The goal of this evaluation is to improve the understanding of the Urban Disaster Risk Reduction (DRR) programming carried out in Latin America and The Caribbean, and supported by the United States Agency for International Development's Office of U.S. Foreign Disaster Assistance (USAID/OFDA). The study focused on eight DRR projects awarded by USAID in Colombia, Guatemala, Haiti, Honduras, Jamaica, and Peru, between FY2012 and FY2016. The projects applied the USAID Neighborhood Approach (NA) to find practical and workable solutions for DRR in densely populated informal urban settlements.
Two objectives and specific questions were defined for this evaluation: (1) the effectiveness and (2) the sustainability of the NA. The study comprised an extensive literature review, followed by a mixed research method, including surveys, focus groups, and interviews; disaster risk modeling; georeferencing analysis; and engineering inspections. Finally, an integrative process—triangulation—was used to analyze the data obtained from multiple theoretical positions.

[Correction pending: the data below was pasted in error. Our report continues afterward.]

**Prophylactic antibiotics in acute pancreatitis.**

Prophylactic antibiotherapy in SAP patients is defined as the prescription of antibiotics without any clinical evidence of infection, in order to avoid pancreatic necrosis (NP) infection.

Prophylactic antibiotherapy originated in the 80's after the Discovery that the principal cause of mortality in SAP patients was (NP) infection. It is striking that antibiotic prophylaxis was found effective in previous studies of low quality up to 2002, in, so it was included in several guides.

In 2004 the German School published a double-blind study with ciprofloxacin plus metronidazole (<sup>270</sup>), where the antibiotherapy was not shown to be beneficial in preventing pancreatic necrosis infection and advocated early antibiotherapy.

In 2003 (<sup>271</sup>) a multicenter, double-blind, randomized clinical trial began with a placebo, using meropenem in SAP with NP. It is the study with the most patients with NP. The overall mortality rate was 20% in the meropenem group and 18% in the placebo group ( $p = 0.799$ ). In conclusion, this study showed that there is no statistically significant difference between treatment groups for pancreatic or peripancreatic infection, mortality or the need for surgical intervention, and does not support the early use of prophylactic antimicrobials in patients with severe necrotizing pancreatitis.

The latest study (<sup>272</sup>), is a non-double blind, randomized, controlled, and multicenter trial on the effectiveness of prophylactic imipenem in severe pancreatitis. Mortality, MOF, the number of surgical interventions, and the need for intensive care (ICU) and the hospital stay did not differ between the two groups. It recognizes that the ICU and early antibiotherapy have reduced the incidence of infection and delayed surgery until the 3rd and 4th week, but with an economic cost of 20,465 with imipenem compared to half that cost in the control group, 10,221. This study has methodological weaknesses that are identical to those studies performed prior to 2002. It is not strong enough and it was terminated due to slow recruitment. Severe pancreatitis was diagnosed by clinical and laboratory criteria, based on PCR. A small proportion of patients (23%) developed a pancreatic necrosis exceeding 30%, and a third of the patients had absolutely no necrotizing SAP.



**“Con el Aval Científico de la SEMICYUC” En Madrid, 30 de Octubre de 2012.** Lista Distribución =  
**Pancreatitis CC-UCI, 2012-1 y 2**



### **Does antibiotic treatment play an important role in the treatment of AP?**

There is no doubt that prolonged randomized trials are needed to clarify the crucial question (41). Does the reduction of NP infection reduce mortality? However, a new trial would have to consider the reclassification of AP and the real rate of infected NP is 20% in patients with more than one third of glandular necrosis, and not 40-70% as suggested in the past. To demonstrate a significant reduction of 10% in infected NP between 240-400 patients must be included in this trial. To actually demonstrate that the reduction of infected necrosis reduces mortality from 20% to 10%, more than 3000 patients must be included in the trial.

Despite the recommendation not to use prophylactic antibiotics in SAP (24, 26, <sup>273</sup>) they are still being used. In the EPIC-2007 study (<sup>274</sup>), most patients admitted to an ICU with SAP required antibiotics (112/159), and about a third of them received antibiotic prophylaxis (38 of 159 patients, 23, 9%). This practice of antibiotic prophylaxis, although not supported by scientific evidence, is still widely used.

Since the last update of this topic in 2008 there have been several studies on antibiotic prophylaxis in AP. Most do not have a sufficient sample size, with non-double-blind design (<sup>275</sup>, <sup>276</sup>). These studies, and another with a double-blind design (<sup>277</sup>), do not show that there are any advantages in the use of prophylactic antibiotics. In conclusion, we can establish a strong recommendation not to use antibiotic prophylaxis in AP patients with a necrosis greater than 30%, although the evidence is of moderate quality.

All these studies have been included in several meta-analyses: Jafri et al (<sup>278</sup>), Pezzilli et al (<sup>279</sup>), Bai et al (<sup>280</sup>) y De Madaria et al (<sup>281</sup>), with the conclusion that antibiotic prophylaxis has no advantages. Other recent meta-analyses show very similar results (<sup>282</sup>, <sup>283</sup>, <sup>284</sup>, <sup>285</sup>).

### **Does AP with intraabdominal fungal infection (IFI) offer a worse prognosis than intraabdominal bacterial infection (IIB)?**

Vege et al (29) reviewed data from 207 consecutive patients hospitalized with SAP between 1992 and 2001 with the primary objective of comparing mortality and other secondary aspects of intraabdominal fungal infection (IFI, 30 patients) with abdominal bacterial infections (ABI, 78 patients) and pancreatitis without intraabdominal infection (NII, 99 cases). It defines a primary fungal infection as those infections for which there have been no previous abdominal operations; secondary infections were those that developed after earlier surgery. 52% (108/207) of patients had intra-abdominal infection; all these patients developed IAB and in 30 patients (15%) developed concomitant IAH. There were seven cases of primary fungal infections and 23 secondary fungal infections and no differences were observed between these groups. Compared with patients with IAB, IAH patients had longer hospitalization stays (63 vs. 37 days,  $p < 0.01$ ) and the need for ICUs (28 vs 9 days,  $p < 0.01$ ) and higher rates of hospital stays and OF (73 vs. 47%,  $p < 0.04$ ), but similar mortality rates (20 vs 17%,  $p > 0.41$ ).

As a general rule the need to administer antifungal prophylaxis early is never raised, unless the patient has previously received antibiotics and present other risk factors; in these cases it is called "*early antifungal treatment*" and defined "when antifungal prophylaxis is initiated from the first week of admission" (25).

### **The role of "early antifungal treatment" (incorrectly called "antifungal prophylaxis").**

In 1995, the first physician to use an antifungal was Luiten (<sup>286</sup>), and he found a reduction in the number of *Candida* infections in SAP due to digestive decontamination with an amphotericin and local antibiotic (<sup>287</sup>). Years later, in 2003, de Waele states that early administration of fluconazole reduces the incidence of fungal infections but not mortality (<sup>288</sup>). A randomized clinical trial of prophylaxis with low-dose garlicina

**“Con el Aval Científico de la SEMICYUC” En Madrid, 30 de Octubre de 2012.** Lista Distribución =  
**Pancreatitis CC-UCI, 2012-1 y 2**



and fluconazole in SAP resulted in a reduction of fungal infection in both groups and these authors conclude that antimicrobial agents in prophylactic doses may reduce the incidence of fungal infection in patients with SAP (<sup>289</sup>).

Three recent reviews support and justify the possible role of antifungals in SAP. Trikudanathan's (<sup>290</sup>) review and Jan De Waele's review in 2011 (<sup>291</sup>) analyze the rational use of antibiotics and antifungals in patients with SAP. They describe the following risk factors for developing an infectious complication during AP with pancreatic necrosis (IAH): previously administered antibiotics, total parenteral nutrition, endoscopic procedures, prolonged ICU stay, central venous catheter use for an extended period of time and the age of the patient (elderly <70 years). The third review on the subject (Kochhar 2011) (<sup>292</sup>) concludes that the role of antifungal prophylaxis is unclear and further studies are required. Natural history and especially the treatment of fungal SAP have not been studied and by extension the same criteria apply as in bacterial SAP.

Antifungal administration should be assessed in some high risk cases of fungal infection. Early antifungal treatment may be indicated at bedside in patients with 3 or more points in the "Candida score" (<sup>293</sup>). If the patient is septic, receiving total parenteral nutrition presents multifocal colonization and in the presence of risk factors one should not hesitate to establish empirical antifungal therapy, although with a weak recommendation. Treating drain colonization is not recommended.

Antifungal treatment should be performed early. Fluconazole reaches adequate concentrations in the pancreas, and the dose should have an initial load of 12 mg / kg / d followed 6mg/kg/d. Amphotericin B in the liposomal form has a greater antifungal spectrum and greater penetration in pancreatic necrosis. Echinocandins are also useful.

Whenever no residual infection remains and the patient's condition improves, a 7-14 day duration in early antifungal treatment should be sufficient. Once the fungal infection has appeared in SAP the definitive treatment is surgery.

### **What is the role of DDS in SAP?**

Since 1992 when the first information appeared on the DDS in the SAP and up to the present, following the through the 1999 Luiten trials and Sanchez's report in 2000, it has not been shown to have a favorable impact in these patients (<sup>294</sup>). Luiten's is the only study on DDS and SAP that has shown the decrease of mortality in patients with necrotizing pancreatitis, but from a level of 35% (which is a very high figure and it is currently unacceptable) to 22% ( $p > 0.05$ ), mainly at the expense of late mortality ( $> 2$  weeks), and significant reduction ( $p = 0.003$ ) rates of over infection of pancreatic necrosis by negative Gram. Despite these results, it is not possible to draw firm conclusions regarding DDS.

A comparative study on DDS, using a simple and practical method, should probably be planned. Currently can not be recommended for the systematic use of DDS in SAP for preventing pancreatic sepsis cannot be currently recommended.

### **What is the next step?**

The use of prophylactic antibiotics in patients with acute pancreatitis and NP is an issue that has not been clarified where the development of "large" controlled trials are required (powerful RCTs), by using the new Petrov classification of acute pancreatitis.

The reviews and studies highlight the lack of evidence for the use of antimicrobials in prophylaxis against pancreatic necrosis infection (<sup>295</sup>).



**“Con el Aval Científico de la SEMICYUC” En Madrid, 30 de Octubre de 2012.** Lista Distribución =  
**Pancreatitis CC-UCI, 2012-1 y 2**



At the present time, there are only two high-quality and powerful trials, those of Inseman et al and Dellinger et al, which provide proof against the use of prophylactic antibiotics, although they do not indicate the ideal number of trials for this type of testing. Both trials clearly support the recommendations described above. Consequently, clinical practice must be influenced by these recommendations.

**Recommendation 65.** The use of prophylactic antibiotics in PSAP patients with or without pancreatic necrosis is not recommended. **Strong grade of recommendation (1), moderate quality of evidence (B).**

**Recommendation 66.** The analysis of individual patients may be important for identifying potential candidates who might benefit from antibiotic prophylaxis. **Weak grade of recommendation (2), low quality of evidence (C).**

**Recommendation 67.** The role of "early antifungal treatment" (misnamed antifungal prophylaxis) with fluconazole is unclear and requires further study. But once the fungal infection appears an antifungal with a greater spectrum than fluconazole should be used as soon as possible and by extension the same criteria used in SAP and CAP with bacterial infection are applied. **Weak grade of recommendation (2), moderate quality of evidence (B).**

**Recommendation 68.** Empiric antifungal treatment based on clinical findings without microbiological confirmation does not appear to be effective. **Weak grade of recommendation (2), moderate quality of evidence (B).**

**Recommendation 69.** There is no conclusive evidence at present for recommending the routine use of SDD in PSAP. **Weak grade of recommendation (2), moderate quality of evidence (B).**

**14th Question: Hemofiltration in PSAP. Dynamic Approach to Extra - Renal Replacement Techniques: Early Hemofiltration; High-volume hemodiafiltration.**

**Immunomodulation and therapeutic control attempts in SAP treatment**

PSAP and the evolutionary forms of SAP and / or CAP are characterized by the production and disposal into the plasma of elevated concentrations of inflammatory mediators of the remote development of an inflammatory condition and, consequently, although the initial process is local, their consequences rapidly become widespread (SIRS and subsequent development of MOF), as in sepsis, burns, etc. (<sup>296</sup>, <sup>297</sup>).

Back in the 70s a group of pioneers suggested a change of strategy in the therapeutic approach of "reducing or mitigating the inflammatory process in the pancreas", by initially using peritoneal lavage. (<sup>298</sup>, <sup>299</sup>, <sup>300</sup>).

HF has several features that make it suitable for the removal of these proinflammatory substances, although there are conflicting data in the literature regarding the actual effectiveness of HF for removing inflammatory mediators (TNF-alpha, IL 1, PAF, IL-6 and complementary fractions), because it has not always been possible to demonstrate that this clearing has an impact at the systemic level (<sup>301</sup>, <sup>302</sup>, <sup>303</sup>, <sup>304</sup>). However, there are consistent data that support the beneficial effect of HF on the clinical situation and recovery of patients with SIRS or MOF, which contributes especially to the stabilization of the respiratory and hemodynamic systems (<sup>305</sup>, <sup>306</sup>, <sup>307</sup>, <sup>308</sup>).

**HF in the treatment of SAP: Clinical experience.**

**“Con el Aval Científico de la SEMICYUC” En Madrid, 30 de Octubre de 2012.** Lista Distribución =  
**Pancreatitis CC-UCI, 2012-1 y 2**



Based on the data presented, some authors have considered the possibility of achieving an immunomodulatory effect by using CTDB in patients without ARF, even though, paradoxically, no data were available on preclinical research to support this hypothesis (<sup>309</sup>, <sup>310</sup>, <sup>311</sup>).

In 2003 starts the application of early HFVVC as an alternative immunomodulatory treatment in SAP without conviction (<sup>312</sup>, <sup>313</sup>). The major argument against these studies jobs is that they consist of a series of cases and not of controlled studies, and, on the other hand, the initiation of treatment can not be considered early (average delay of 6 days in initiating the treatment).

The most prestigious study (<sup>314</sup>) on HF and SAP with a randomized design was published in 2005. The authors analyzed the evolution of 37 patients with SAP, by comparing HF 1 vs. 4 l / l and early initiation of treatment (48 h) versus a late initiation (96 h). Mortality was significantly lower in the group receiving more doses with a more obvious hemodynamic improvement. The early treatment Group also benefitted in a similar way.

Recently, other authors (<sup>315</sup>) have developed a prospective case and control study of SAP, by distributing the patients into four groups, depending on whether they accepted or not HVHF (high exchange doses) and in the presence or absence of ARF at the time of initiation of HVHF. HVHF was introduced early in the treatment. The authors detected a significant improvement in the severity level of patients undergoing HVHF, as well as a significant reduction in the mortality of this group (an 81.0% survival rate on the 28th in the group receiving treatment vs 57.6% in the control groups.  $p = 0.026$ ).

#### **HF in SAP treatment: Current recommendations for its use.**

The study confirmed that neighborhoods are a living fabric of social, economic, and physical features that provide the residents of a particular territory with an identity, a sense of security, safety, and familiarity. The USAID-NA expands the consideration of DRR interventions beyond individuals and households to a settlement approach, addressing critical disaster risk drivers and development gaps, and encouraging a long-term vision. The study showed the need to balance physical and social interventions to match individual and collective needs, support community cohesion and self-determination, and meet expectations associated with the common good and community resilience.